I like to emphasize that there could be differences in the DNA between the ancestors for sure. A lot of mutations happen every day in a cell. Can’t remember the exact number but its huge… Anyway, there is the probability that some of the DNA differ once in a while. Some changes might work, some are lethal for a cell (they mess up the functionality of a cell). This already shows that only some mutations are inherited (lethal mutations can’t be inherited). To get back to the phylogenetic tree. The problem now is to choose the correct piece of DNA. If you chose a part of DNA with a lot of mutations, you would not be able to construct a phylogenetic tree because the changes in the DNA due to inheritance is interfered with random mutations. This leaves regions where only a few mutations happen during time. Additionally, if you chose a region were not only few mutations happen but some of them get lost due to lethality, you have yourself regions were only very few mutations happen at the end. I will not go into further detail now. At the end you chose regions in the 26S ribosomal subunit or regions between different rRNA, called internal transcribed regions (ITS).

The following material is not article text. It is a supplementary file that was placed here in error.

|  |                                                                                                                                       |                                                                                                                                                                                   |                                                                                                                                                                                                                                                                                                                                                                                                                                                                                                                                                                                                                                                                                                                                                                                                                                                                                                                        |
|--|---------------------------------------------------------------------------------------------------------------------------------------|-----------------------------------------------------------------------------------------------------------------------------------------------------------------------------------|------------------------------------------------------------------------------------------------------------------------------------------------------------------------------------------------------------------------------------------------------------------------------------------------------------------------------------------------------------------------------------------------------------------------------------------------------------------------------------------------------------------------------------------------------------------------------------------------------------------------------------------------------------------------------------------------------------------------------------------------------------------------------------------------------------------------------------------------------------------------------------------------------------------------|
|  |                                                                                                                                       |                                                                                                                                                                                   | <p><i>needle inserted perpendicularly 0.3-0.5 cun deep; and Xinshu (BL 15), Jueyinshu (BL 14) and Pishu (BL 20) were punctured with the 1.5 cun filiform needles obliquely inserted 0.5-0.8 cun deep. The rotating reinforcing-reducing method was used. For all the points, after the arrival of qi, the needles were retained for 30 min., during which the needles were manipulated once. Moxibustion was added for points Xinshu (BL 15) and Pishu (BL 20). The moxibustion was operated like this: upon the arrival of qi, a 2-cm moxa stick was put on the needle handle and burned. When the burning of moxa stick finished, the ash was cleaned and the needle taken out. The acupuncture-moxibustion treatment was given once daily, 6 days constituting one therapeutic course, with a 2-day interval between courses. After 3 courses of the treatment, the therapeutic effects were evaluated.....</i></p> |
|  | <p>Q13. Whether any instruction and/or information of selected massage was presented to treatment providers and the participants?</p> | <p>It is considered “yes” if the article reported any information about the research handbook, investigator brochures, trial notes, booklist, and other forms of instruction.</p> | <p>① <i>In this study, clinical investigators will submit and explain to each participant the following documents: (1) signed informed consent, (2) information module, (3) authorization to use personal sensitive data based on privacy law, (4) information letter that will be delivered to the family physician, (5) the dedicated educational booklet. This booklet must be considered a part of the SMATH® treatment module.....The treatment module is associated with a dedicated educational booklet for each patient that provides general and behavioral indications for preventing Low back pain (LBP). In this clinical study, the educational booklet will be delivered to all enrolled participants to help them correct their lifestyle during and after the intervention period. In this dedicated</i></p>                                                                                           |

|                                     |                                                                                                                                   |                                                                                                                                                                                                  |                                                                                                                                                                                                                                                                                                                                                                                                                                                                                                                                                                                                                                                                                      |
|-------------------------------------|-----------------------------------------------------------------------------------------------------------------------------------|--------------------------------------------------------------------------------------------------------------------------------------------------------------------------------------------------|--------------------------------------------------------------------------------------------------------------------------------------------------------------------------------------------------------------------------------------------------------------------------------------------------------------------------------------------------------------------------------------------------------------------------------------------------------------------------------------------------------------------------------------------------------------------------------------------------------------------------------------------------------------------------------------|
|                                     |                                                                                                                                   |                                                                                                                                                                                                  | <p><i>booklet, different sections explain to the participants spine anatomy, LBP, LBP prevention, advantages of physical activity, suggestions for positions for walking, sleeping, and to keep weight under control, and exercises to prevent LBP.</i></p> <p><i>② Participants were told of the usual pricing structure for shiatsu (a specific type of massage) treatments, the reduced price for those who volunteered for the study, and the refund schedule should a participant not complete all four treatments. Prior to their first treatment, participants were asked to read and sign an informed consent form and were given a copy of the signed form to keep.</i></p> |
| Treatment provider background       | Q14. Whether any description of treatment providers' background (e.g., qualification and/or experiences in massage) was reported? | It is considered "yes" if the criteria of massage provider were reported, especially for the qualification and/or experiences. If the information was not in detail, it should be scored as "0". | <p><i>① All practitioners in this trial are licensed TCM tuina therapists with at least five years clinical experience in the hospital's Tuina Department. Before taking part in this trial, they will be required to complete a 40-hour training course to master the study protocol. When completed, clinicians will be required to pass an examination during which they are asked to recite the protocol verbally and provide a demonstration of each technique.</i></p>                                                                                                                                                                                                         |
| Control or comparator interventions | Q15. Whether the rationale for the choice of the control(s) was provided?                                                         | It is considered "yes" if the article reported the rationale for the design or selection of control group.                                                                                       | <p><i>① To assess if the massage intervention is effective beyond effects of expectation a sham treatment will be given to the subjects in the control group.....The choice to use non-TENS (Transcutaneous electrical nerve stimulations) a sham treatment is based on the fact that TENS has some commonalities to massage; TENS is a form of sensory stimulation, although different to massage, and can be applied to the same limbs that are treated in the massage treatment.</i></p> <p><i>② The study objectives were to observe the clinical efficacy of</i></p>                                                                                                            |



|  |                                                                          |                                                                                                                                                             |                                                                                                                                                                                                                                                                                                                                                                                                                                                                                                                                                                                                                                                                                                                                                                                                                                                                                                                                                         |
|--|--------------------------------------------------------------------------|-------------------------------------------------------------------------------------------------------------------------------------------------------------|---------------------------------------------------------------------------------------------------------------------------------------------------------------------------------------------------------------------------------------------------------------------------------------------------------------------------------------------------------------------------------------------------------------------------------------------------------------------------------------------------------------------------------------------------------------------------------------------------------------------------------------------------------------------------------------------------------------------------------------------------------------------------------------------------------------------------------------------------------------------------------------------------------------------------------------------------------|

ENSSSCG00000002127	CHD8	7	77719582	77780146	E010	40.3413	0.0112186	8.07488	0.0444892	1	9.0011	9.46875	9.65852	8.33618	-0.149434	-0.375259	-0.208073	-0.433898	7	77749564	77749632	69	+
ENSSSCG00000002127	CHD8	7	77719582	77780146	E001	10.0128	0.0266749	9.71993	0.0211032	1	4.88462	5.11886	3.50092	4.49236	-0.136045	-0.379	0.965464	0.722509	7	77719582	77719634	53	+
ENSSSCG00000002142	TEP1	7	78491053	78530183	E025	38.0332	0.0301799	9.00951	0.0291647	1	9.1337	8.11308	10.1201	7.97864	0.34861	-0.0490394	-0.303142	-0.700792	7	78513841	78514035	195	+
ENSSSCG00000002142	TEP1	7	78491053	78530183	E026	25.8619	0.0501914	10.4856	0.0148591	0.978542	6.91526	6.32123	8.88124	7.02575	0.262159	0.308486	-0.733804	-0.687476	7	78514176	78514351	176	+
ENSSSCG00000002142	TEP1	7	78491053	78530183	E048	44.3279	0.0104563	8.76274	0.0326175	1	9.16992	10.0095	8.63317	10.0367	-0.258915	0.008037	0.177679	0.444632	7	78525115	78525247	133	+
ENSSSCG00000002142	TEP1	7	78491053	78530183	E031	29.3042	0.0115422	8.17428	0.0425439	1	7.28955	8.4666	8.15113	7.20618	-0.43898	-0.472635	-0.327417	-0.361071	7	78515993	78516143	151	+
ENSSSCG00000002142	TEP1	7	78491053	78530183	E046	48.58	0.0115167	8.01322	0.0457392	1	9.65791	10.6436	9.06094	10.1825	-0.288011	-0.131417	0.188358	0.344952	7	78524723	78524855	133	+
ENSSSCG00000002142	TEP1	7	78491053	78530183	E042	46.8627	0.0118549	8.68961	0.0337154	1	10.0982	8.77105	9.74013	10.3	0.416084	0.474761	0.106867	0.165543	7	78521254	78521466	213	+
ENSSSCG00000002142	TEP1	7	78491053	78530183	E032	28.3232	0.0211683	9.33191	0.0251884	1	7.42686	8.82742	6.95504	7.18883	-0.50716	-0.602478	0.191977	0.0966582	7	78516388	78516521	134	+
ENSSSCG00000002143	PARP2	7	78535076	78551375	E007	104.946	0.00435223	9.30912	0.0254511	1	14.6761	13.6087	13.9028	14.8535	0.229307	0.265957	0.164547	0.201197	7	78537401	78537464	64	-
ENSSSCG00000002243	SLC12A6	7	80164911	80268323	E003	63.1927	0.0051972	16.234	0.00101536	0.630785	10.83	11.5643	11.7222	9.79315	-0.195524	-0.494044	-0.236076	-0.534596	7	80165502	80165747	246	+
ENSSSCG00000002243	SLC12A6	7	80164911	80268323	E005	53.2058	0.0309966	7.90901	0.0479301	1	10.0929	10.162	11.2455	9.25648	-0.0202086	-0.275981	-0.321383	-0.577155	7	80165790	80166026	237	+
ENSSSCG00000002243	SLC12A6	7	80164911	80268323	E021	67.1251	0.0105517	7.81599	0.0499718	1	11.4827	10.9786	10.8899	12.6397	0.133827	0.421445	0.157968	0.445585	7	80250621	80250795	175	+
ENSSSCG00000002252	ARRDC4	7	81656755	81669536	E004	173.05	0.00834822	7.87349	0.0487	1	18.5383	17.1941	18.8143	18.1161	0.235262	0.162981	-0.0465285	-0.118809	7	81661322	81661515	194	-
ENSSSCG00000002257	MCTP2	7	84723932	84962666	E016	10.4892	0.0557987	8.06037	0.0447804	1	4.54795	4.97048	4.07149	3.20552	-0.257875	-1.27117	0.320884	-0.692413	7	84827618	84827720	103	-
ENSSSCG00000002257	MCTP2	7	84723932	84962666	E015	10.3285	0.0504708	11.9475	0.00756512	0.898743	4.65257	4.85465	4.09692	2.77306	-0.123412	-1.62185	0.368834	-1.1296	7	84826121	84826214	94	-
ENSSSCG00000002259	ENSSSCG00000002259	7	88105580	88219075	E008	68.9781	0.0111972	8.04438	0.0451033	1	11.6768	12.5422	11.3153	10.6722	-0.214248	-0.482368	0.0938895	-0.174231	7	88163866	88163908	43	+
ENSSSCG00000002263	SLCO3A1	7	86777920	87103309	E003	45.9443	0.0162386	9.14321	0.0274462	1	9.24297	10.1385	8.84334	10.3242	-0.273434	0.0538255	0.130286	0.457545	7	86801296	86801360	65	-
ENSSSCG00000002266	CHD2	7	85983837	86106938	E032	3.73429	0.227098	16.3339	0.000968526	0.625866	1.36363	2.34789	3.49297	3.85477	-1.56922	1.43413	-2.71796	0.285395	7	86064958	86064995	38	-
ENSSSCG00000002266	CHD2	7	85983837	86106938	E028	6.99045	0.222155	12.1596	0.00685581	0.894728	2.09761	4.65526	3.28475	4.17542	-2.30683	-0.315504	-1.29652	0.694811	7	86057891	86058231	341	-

The ribosome is the machinery that produces proteins in a cell and is therefore very important. If the ribosome does not work (due to mutations for example) it can’t synthesize proteins and the cell might die. A ribosome consists of several rRNA (ribosomal RNAs). Imagine the different rRNA to be kinds of Lego bricks forming a functional ribosome at the end. One of them is the 26S rRNA. Just a clarification for all the people out there wondering about the 26S and not 28S (typical for eukaryotes), the 26S is the homolog of the 28S in yeast, plants and protozoans.